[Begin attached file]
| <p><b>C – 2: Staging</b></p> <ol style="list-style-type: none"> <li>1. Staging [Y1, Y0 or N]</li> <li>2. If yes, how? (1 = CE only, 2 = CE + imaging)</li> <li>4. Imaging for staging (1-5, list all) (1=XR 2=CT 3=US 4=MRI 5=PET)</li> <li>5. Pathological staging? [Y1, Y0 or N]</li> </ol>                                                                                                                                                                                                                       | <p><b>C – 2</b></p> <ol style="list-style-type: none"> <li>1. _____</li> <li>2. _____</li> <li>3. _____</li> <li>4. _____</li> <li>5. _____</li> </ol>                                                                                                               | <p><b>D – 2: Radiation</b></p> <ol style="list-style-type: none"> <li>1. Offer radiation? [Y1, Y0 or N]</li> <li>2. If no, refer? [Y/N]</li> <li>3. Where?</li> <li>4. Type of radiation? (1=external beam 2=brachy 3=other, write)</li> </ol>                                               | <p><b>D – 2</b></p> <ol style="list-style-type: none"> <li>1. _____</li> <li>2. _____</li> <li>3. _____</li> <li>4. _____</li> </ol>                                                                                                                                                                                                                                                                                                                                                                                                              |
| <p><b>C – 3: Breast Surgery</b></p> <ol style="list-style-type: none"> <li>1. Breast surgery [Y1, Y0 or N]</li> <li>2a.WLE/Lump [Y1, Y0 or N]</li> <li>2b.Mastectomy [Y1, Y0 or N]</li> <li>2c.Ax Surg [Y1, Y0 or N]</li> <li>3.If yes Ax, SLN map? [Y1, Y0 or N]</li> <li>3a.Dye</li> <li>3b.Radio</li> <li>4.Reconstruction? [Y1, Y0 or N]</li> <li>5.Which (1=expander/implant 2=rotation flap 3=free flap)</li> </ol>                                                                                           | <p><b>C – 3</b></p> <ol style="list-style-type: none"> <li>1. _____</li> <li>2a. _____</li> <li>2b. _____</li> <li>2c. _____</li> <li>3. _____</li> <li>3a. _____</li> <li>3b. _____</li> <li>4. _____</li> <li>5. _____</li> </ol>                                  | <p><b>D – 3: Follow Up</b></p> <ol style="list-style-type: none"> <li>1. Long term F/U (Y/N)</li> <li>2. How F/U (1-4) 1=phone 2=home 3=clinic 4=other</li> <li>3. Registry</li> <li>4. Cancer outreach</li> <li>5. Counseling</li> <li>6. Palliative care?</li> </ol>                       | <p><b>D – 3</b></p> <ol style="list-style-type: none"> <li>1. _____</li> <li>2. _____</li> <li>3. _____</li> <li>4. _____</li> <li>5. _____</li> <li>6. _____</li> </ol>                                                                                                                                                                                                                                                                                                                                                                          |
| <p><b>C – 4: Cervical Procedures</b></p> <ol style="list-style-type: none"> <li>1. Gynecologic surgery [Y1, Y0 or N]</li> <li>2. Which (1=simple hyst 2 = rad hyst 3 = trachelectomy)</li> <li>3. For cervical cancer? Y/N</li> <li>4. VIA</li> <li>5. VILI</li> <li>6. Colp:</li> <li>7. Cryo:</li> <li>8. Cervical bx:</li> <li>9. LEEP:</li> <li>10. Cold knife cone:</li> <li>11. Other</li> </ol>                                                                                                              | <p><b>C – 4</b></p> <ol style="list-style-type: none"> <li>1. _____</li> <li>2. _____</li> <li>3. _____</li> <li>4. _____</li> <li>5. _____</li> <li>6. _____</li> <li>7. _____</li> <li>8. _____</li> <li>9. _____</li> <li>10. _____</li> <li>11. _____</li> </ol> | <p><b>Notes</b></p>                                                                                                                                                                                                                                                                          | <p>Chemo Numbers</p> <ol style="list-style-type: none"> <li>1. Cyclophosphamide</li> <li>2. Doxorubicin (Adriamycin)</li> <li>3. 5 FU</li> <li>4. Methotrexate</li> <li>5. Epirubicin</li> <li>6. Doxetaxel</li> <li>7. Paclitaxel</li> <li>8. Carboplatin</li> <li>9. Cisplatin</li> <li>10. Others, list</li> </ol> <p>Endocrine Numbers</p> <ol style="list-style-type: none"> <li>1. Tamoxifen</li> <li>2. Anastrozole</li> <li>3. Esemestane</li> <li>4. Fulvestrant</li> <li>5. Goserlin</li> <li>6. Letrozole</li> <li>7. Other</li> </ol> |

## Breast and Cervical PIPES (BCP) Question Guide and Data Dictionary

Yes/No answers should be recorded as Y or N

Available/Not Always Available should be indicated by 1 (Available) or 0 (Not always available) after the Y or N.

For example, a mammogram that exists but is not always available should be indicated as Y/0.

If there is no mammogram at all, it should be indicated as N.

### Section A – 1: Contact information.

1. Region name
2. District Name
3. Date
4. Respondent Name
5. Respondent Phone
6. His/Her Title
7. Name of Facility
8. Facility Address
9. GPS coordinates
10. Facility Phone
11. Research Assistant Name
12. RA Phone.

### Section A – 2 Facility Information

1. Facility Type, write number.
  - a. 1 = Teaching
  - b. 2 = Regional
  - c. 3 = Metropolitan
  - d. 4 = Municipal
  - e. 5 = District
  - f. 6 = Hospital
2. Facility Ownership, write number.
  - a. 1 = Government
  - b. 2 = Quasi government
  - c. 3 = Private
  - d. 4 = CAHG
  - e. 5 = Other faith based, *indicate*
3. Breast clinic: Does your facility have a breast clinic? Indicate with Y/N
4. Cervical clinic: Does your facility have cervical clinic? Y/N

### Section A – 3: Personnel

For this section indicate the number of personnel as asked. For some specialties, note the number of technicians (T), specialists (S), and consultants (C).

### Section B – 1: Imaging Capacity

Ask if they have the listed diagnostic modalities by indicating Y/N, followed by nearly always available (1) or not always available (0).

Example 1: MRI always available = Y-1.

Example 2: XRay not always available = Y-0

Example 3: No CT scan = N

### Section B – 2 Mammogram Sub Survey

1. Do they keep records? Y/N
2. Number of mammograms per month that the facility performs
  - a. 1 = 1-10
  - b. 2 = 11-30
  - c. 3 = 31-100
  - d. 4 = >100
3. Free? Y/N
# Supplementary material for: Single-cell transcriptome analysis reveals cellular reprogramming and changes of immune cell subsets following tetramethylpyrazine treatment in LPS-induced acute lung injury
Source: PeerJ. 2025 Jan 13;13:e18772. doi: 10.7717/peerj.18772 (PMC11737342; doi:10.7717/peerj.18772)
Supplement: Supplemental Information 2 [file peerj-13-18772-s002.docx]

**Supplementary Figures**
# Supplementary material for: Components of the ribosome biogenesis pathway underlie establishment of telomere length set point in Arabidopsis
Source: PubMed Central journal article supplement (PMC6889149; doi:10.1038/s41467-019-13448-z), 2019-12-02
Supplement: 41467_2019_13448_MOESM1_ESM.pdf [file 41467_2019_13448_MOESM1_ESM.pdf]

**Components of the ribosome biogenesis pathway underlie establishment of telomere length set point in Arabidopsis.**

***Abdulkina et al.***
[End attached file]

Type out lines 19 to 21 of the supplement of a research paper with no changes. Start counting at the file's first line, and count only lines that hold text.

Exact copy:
10. Facility Phone
11. Research Assistant Name
12. RA Phone.